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Saturday, September 12, 2009

The Herrin Massacre

The Herrin massacre has been immortalized in the words to a song by Jerry Swan (I think that's his name), a folk artist currently living in Missouri. If you don't know the story, you can pretty much figure it out by listening to the song here, which I highly recommend either way. (Via the Illinois History Blog.)

The Herrin massacre stemmed from a long strike by mine workers in Southern Illinois. The riots lasted from June 21 to 22, 1922. The short version of the story can be found in the wiki article. The details of the aftermath were heavily covered by the New York Times. (And, probably a lot of other papers, but the NYT's are all online and easily searchable.) I've included just a few here.

SEEKS PRIVATE FUND FOR HERRIN INQUIRY; Illinois Commerce Chamber Asks for $25,400 to Aid Attorney General Brundage.SAYS STATE IS ON TRIAL Steps for Prosecution Hampered byGovernor Small's Cut inan Appropriation.

Special to The New York Times.
CHICAGO, Aug. 15.--An appeal for funds to enable Attorney General Brundage to continue and extend his investigation of the Herrin massacre was issued today by the Illinois Chamber of Commerce. It was sent to the 102 city organizations that constitute the State chamber, to each of which was assigned the quota that it was requested to raise.
The chamber set $25,000 as the minimum to be raised, but its officers hope that as much as $100,000 will be made available if needed.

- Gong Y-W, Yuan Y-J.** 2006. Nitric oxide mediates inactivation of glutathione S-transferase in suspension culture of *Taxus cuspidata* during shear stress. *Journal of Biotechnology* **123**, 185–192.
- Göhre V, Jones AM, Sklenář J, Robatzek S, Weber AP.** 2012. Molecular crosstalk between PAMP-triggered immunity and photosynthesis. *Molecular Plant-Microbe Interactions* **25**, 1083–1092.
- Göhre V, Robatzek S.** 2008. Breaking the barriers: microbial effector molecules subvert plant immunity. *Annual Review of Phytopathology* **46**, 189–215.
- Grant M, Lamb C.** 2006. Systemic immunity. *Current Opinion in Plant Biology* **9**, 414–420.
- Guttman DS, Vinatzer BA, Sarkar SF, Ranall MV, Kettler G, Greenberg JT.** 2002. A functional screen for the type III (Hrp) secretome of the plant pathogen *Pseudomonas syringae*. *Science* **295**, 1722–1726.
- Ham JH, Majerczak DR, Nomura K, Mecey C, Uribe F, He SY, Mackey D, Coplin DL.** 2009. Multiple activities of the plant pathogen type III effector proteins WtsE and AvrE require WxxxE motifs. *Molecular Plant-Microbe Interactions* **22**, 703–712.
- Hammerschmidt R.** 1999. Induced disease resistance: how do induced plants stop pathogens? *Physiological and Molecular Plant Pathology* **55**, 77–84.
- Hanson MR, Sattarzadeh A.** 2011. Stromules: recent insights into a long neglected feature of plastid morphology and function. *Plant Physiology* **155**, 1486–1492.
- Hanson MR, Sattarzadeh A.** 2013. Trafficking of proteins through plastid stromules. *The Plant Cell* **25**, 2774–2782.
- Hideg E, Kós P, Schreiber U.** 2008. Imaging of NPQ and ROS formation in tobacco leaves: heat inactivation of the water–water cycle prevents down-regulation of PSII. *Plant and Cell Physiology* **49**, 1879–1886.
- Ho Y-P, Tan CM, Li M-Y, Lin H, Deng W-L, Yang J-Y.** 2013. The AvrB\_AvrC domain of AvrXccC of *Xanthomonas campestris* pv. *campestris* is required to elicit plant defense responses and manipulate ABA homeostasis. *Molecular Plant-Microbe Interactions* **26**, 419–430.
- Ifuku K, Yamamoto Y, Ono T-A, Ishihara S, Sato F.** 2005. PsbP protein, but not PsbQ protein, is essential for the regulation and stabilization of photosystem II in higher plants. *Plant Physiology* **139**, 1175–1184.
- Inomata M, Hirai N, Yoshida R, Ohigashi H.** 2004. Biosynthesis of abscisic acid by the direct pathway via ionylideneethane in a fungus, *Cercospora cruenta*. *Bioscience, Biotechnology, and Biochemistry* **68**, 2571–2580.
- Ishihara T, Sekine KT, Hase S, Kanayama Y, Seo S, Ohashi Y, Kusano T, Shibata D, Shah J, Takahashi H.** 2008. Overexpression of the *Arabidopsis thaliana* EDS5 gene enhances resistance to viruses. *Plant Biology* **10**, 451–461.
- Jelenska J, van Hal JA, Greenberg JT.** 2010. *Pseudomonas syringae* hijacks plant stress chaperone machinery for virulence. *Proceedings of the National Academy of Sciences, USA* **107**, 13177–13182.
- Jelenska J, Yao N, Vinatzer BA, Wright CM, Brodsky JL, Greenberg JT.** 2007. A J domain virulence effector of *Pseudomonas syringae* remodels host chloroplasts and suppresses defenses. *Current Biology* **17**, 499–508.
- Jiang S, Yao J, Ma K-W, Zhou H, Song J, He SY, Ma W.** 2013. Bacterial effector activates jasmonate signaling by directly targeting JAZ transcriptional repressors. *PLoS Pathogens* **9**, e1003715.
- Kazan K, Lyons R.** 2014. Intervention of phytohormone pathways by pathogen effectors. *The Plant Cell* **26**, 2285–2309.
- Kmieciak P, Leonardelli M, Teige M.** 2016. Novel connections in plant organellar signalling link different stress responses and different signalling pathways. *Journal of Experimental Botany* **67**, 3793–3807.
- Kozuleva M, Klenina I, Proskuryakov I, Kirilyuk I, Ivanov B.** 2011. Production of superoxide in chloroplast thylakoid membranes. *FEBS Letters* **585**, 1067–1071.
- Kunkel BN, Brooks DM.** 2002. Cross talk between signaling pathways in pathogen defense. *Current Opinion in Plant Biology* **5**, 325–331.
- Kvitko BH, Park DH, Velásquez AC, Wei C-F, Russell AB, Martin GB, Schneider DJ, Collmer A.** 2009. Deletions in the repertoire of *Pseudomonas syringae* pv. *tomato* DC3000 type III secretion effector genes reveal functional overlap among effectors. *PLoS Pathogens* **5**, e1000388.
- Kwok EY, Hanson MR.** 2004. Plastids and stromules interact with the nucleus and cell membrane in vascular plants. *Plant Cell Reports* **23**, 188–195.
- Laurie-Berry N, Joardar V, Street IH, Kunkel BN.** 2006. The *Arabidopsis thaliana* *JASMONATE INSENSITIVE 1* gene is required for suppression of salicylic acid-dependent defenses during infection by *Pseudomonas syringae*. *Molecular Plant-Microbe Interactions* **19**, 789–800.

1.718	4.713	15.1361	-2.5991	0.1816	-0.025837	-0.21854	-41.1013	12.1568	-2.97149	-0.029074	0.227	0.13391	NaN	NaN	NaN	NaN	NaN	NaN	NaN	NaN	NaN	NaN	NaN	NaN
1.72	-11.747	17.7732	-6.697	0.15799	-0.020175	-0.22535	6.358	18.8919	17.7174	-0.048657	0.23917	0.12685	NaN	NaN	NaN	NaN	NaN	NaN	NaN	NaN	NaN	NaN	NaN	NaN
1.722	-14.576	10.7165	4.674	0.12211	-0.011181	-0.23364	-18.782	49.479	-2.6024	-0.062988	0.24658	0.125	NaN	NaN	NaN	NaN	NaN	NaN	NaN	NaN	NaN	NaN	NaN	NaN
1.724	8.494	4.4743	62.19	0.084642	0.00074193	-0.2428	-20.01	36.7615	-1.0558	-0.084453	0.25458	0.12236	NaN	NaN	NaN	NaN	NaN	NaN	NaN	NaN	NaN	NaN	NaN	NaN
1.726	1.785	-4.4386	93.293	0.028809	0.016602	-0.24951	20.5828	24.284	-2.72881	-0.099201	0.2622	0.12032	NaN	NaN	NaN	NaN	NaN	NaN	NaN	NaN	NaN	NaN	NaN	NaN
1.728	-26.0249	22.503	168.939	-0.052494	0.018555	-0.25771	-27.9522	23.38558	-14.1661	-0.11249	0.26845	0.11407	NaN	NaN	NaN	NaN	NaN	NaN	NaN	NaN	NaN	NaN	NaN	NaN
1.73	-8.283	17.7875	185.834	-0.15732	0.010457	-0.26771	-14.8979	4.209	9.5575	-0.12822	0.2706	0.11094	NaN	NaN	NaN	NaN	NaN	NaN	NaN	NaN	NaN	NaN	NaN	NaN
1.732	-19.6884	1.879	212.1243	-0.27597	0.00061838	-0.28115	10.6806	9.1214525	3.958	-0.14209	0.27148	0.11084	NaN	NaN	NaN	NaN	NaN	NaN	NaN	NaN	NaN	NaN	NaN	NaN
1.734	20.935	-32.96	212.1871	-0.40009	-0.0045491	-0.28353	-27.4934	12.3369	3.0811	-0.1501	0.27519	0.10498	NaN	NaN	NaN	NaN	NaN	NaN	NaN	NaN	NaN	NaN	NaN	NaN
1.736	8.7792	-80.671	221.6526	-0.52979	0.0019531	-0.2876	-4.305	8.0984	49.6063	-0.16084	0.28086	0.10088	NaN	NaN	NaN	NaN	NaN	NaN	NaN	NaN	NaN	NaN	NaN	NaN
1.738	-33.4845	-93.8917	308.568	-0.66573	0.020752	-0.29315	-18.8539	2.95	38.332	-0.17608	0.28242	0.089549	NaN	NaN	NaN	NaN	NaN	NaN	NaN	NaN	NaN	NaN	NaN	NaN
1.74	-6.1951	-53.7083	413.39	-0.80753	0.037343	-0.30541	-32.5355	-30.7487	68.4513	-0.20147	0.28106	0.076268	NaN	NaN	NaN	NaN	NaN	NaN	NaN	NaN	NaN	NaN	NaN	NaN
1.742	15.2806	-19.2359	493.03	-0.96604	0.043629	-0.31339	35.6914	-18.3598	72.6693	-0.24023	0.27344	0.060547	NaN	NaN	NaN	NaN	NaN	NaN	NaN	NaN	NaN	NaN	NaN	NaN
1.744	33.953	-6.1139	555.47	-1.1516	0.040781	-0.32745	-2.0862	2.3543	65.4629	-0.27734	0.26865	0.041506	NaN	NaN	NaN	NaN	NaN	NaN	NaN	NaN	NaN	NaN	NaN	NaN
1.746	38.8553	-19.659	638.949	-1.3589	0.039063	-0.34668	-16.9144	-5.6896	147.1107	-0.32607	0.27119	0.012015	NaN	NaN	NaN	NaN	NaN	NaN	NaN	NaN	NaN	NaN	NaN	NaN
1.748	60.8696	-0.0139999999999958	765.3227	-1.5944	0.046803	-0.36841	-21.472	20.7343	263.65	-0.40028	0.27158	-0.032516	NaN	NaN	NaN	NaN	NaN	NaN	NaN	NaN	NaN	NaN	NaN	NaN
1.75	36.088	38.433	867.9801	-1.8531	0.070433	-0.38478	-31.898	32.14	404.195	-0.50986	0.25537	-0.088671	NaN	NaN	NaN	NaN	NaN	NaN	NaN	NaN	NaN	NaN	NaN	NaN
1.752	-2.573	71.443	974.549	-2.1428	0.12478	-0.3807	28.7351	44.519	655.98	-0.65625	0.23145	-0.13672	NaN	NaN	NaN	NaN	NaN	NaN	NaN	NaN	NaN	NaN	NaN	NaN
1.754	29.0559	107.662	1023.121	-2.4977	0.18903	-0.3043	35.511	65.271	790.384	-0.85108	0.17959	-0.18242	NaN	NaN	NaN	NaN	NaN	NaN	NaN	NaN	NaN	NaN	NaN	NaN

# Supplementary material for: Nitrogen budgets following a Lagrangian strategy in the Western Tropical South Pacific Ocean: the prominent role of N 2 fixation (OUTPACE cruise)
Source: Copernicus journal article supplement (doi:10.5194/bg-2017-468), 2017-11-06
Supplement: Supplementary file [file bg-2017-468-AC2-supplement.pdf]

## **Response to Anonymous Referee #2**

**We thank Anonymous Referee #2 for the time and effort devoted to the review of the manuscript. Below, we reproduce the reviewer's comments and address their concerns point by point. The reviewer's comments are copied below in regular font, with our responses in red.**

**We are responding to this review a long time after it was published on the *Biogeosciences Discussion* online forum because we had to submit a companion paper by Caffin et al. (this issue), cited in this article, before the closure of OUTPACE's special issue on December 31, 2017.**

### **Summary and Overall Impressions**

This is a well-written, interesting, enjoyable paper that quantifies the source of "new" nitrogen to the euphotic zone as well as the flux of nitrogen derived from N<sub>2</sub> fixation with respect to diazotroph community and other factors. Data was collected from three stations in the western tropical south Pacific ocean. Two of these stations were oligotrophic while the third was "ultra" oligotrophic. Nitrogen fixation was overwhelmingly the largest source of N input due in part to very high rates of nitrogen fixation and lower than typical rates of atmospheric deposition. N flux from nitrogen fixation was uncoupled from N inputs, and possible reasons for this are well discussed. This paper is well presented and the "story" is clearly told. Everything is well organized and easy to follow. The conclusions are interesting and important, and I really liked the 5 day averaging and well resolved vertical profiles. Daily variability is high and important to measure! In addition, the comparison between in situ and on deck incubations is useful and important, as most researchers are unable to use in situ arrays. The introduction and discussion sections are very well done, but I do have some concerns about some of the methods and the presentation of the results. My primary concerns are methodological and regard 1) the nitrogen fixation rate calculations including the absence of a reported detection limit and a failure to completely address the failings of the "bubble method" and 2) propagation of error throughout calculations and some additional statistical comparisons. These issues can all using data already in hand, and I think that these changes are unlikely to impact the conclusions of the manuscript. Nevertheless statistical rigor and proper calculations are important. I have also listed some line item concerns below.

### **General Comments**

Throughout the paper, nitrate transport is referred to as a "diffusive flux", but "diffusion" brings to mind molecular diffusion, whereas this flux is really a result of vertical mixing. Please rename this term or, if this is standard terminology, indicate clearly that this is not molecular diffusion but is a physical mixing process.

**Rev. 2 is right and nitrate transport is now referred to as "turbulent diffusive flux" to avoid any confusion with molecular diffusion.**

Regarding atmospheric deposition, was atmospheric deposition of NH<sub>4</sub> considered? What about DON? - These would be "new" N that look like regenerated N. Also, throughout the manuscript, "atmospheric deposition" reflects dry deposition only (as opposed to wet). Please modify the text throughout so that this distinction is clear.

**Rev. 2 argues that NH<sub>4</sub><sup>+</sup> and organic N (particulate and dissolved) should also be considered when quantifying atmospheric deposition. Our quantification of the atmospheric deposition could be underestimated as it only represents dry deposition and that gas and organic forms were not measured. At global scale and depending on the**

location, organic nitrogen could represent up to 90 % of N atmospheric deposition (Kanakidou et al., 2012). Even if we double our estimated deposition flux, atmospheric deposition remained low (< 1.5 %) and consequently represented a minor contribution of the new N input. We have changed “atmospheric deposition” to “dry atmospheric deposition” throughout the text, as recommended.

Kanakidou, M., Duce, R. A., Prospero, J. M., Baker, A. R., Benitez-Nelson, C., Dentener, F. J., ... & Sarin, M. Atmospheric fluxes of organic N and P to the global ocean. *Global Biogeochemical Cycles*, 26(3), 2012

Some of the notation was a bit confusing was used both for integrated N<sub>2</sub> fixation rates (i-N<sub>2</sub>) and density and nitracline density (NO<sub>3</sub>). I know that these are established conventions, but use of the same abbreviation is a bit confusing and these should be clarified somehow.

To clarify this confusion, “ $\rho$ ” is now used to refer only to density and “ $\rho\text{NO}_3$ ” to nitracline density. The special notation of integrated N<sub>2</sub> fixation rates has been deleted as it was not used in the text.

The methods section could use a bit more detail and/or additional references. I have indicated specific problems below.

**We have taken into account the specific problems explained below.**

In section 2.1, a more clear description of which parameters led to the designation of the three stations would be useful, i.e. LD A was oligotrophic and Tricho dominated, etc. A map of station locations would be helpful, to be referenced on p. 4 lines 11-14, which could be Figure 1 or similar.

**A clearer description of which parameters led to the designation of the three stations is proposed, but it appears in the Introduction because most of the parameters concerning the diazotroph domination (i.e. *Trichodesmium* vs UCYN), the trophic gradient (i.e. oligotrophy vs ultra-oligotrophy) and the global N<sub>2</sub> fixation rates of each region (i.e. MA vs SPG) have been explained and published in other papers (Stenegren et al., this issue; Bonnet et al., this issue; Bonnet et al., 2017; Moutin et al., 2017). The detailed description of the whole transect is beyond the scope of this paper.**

Attorney General Brundage has been conducting his investigation quietly for several weeks, but has been hampered by lack of funds for the employment of detectives and attorneys. Governor Small's veto of a large part of his appropriation left him barely enough for the routine duties of his office, which do not include criminal investigations and prosecutions.
The letter sent out by John H. Camlin of Rockford, President of the Chamber of Commerce, reads in part as follows:
"On June 22, 1922, in Williamson County, Ill., a score of men, unarmed and with their hands high above their heads were slain in cold blood, their only offense being that they dared make an honest living by working in the strip coal mines situated between the towns of Marion and Herrin. According to the best evidence obtainable, they were set upon by a well armed mob of more than 1,000 person, to whom they unconditionally surrendered, and were tied together, insulted and subjected to physical torture before being shot.
"Notwithstanding the heinousness of the offense in itself and the disrepute into which it has brought the State of Illinois, there is the additional circumstance that, although hundreds of persons were witnesses to the slaughter, not one single arrest has been made and, so far as the rest of the world has been able to find, no effort of any character has been made by the authorities of Williamson County to bring any recognized formula of justice to bear on the situation."
The letter then states that as it is customary for chambers of commerce to take the lead in situations involving the welfare and good name of their respective States, it is desired to pave the way for a real inquiry into the massacre.
"In this emergency," the letter continues, "the State of Illinois is on trial. Our citizens visiting elsewhere have been compelled to hang their heads in shame. The world is asking us, 'What are you going to do about it?' We belive the only possible answer is that the business men of this State will contribute of their funds to the utmost in order to prove to the world that justice still reigns and that human life is safe in Illinois."